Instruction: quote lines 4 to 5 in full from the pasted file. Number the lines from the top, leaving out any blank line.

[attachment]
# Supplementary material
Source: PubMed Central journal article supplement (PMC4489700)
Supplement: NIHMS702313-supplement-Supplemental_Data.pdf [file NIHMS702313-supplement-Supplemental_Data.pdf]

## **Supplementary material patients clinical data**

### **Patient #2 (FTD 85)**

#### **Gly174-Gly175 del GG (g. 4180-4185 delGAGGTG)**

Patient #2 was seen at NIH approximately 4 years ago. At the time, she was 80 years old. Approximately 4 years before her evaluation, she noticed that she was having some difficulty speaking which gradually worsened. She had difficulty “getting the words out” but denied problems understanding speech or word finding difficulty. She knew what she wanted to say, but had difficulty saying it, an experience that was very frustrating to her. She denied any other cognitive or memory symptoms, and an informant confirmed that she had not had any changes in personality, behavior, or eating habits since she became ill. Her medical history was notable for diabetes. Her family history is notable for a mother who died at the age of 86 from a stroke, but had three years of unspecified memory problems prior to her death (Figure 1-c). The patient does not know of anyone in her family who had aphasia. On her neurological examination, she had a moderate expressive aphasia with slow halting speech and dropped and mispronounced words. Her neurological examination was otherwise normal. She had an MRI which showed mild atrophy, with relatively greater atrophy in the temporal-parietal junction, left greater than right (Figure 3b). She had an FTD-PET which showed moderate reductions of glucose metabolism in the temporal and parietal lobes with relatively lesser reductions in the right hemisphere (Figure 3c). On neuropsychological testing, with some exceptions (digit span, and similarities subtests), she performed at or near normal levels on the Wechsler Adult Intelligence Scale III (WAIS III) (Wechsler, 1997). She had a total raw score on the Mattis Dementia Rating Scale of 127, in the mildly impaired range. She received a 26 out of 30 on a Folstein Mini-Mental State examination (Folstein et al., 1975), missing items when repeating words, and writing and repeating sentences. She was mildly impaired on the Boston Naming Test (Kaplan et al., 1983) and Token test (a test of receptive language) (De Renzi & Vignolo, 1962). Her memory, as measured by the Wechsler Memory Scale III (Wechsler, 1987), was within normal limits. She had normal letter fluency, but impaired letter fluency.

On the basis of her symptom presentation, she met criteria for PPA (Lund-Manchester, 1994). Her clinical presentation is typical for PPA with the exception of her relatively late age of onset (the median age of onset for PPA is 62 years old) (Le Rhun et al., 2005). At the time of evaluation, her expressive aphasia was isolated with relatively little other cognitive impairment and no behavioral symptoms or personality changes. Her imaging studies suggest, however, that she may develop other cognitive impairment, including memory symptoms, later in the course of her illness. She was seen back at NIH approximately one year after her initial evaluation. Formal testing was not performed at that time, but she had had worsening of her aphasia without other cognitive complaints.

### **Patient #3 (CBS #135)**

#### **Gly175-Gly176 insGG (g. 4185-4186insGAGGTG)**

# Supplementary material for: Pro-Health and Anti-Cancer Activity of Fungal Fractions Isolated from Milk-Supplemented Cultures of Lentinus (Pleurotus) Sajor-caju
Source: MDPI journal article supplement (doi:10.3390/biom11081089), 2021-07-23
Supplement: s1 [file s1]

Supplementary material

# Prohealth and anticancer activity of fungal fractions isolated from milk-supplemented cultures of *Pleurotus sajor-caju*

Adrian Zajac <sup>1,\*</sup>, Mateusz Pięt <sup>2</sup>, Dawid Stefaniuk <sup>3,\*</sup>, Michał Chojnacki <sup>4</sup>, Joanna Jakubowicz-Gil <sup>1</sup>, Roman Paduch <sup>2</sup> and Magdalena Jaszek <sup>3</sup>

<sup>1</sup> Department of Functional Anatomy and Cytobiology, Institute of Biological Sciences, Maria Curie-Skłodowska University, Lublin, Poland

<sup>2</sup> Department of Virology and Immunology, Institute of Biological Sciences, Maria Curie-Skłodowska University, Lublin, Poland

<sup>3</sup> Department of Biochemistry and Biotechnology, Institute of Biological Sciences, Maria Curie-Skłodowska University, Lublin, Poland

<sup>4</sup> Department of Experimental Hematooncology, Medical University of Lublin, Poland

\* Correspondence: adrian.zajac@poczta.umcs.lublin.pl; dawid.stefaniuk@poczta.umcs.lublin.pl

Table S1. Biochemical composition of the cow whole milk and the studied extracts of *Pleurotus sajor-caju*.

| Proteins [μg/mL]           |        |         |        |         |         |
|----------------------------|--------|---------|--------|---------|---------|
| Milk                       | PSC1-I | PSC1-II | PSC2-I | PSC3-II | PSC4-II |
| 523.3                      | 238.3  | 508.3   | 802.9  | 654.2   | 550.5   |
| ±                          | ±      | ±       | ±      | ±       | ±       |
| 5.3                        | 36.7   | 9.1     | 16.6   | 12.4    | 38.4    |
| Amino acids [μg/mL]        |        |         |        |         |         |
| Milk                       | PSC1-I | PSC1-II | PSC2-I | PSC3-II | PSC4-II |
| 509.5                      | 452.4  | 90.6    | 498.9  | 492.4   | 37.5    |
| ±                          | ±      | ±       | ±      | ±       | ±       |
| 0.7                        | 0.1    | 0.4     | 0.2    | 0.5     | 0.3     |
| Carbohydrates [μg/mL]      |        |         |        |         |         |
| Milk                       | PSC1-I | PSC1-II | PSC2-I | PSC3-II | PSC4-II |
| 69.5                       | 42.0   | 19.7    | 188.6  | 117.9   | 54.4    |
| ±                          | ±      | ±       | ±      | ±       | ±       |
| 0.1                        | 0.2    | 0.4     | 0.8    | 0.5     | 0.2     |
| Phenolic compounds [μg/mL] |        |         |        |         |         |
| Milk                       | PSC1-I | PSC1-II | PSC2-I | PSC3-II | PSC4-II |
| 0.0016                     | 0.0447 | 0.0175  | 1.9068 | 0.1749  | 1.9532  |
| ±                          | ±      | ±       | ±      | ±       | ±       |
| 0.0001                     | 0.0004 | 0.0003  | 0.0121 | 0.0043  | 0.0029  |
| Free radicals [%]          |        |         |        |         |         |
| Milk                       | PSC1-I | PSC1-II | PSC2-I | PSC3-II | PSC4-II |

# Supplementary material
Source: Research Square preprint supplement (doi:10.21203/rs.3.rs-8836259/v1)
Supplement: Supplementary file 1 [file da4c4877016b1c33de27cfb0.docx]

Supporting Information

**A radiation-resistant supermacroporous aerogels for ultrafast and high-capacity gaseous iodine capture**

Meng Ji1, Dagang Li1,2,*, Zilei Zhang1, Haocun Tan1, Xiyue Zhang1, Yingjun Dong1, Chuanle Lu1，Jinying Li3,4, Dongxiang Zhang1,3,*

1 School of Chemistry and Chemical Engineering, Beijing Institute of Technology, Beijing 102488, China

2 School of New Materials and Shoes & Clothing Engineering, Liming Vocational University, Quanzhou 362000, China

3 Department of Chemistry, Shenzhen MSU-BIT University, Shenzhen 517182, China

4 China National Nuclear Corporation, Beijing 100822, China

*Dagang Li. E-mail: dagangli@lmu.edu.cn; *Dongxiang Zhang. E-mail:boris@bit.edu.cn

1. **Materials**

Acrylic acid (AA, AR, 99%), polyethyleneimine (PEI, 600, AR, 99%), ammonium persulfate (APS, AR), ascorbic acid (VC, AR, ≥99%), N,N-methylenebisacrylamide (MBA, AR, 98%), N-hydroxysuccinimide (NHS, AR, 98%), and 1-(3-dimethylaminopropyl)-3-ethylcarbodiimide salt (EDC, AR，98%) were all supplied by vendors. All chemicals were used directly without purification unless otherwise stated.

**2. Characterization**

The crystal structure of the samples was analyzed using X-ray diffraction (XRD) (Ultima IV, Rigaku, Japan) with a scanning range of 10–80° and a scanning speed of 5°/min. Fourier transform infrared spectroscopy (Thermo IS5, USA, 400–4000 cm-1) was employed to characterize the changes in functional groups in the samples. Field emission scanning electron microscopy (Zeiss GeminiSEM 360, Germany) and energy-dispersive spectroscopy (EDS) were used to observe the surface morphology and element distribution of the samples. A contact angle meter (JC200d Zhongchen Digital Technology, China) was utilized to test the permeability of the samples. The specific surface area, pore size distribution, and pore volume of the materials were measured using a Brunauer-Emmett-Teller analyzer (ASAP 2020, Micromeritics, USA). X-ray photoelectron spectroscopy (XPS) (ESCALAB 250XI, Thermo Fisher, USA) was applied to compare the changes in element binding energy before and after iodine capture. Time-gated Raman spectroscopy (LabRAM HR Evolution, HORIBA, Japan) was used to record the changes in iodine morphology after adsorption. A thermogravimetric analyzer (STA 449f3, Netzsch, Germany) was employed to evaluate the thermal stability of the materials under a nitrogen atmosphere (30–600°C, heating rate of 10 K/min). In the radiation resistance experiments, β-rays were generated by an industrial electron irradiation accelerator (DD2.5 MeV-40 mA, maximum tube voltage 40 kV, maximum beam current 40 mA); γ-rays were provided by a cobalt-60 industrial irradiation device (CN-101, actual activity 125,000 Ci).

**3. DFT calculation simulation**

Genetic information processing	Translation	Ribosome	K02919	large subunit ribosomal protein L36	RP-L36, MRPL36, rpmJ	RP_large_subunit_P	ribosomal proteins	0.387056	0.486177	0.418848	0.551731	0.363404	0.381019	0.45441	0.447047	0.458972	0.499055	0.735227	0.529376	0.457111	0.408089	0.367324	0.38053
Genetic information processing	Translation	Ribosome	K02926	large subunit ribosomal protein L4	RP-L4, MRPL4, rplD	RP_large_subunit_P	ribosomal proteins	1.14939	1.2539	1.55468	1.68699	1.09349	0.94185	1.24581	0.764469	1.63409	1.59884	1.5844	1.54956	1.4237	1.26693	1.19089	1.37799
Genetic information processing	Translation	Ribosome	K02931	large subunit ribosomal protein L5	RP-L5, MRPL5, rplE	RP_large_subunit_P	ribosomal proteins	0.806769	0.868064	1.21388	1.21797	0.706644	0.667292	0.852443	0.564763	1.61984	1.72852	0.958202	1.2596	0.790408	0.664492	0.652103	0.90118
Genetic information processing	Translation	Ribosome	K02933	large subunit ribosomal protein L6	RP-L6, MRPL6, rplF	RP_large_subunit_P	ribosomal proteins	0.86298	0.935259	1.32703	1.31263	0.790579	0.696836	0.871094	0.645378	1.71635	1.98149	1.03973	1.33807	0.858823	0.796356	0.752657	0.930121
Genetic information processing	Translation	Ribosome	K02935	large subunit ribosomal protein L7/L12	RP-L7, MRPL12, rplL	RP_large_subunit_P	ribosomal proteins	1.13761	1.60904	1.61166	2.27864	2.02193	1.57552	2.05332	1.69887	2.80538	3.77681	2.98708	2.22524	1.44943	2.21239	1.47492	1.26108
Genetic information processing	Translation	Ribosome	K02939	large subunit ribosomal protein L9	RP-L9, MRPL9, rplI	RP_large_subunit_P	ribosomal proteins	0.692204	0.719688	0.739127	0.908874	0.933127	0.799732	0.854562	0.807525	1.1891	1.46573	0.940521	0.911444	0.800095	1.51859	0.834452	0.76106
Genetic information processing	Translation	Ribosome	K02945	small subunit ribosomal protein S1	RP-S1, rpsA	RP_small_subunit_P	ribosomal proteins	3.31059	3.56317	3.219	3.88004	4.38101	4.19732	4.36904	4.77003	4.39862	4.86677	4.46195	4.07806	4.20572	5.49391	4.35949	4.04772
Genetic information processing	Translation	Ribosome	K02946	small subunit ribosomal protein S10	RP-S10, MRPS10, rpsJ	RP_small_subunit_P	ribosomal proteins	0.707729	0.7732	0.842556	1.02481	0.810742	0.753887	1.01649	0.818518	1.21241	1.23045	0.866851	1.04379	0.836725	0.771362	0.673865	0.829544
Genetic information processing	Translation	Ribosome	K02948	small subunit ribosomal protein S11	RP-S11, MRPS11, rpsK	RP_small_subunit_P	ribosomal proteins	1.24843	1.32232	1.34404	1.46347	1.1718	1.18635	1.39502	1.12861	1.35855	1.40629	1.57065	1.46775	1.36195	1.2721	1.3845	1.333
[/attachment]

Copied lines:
## **Supplementary material patients clinical data**

### **Patient #2 (FTD 85)**